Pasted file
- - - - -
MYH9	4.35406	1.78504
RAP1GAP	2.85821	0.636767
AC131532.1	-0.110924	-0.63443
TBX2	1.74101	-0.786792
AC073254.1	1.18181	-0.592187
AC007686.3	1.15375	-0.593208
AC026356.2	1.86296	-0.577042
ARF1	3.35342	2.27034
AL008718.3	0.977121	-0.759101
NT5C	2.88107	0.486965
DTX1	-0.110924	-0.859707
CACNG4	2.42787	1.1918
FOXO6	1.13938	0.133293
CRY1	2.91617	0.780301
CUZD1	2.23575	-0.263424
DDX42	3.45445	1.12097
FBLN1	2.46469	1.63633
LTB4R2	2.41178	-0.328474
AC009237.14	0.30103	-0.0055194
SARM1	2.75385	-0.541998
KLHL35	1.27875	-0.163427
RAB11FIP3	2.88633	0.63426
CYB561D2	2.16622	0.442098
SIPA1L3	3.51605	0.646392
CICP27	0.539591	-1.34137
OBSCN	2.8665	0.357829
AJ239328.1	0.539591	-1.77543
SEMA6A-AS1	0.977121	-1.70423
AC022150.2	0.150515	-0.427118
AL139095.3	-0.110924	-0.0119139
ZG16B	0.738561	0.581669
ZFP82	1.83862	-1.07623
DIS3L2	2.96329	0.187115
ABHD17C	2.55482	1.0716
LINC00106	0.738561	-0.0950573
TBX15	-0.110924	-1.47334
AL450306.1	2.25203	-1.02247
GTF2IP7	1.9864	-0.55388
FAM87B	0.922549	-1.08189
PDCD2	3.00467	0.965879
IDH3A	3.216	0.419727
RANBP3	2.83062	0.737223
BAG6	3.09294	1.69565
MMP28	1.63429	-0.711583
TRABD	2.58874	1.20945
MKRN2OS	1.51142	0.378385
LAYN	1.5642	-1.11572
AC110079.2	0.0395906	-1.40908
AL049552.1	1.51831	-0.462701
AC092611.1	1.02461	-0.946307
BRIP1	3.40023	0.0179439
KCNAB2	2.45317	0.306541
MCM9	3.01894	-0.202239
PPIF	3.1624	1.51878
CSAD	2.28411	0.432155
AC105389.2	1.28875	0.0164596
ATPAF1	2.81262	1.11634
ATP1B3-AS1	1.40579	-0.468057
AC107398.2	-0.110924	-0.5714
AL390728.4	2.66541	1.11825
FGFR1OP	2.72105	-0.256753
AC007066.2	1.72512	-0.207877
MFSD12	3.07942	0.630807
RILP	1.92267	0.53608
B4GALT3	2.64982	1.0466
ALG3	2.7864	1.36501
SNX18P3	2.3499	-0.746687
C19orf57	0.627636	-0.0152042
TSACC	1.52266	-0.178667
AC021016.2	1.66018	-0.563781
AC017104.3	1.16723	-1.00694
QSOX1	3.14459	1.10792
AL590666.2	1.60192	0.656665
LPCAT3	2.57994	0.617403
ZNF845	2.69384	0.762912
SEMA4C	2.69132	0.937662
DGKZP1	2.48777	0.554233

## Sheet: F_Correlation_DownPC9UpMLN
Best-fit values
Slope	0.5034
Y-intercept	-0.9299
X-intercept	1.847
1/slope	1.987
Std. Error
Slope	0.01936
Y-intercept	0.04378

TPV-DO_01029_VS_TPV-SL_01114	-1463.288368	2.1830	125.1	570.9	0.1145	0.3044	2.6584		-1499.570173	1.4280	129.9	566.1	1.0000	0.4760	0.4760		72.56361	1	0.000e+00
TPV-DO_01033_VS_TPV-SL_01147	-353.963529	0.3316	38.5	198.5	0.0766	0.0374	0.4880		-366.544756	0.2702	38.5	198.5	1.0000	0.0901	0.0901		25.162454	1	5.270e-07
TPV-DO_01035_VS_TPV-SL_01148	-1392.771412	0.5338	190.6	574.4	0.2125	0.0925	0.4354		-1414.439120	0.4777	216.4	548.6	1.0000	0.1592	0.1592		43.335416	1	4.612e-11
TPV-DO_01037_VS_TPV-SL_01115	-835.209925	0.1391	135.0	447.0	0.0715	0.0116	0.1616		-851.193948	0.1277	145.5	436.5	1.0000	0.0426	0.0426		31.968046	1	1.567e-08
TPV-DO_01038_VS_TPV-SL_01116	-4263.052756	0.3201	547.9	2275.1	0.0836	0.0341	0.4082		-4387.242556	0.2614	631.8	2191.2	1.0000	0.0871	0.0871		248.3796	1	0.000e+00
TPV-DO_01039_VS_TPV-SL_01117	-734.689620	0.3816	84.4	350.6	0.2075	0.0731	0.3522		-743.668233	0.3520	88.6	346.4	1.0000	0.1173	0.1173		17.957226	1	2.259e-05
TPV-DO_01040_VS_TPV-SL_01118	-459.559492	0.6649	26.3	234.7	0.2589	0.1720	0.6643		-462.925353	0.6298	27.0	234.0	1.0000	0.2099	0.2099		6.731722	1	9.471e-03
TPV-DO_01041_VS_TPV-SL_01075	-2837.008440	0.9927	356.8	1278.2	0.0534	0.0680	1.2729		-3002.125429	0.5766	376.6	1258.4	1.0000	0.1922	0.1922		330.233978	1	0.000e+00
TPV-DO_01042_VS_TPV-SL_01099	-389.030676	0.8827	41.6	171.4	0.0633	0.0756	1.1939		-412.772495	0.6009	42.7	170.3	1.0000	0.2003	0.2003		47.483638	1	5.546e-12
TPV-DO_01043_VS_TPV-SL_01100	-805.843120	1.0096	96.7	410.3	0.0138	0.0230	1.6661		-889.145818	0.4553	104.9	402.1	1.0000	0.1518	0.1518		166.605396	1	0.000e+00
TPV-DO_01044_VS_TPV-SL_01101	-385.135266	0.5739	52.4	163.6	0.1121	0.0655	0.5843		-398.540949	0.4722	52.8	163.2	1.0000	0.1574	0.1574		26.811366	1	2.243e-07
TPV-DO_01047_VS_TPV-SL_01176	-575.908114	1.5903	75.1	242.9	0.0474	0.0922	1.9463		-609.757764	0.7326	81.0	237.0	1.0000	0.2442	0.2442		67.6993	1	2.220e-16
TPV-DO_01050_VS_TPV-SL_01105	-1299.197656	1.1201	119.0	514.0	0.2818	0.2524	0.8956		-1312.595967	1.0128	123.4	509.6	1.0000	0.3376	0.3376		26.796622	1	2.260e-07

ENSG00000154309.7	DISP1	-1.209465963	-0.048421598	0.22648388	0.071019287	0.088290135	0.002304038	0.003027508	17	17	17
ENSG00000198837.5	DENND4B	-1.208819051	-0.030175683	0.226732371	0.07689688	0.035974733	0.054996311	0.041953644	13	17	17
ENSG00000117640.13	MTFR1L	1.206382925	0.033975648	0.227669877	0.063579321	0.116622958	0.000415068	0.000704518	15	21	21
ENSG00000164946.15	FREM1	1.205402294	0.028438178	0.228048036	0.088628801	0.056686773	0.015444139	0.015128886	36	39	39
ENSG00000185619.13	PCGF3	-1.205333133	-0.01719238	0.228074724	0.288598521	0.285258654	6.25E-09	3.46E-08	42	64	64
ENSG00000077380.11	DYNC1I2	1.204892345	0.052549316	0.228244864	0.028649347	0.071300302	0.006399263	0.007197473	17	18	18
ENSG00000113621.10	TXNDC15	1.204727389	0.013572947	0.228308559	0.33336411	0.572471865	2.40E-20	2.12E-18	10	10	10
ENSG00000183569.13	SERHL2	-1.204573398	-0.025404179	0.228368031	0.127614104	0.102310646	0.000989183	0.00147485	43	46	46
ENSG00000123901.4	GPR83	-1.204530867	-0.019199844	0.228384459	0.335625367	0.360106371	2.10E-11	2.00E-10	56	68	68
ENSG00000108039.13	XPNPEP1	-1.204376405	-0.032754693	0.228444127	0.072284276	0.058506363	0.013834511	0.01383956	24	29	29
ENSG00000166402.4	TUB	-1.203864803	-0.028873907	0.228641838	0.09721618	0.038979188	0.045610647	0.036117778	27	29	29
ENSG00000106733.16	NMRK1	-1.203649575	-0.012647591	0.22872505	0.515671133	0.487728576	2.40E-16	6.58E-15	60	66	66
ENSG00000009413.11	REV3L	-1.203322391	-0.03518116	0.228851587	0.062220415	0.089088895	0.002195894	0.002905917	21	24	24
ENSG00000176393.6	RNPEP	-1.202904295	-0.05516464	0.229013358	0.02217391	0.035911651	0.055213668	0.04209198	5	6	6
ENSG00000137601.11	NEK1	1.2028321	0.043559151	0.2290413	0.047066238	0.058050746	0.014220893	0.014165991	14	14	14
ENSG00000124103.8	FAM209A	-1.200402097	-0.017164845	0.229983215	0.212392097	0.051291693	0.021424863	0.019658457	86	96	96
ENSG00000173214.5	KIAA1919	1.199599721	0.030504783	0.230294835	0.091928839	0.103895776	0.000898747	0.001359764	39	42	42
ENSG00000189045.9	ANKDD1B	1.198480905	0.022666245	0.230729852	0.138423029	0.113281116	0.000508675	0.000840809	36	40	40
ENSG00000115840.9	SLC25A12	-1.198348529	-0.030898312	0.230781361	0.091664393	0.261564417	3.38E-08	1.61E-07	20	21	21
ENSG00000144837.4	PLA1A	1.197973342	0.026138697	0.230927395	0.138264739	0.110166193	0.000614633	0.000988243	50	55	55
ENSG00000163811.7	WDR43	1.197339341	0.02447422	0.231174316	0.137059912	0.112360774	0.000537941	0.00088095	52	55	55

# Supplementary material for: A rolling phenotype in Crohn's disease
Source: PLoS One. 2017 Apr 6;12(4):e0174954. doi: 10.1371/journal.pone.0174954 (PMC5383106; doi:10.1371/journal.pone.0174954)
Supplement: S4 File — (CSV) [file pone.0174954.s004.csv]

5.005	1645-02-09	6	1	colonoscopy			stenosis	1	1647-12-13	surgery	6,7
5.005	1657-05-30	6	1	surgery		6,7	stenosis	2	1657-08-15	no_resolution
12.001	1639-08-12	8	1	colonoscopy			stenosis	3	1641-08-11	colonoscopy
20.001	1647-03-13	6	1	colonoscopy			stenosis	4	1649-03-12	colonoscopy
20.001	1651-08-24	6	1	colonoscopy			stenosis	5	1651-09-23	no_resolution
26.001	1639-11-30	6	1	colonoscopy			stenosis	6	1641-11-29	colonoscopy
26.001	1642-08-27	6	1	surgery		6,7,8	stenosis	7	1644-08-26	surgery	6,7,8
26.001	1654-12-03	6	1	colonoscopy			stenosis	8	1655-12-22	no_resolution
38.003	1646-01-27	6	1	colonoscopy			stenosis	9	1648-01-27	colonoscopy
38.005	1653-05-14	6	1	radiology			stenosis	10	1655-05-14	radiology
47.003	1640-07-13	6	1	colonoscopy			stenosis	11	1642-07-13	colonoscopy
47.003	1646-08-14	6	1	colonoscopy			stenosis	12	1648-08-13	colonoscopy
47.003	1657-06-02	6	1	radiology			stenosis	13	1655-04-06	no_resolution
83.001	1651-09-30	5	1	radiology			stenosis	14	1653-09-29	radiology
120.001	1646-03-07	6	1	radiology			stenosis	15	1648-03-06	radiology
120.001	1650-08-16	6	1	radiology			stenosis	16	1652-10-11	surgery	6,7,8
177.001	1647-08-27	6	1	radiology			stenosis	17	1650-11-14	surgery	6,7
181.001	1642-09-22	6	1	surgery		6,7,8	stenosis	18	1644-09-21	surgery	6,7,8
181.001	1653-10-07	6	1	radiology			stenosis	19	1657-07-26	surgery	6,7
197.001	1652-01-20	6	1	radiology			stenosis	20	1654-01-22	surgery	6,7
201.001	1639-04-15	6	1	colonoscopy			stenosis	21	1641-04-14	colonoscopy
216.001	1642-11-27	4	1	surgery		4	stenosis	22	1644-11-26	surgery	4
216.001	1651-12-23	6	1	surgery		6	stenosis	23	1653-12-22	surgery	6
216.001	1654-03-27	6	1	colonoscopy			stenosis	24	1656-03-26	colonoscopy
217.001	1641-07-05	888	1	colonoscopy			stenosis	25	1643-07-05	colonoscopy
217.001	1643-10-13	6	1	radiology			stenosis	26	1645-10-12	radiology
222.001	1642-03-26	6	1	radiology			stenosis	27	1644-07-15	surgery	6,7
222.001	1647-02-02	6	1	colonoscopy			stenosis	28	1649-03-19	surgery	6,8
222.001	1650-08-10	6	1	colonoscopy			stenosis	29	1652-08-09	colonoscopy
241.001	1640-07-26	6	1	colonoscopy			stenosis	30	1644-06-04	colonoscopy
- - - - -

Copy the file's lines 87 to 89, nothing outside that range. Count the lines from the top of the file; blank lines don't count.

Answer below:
TPV-DO_01029_VS_TPV-SL_01114	-1463.288368	2.1830	125.1	570.9	0.1145	0.3044	2.6584		-1499.570173	1.4280	129.9	566.1	1.0000	0.4760	0.4760		72.56361	1	0.000e+00
TPV-DO_01033_VS_TPV-SL_01147	-353.963529	0.3316	38.5	198.5	0.0766	0.0374	0.4880		-366.544756	0.2702	38.5	198.5	1.0000	0.0901	0.0901		25.162454	1	5.270e-07
TPV-DO_01035_VS_TPV-SL_01148	-1392.771412	0.5338	190.6	574.4	0.2125	0.0925	0.4354		-1414.439120	0.4777	216.4	548.6	1.0000	0.1592	0.1592		43.335416	1	4.612e-11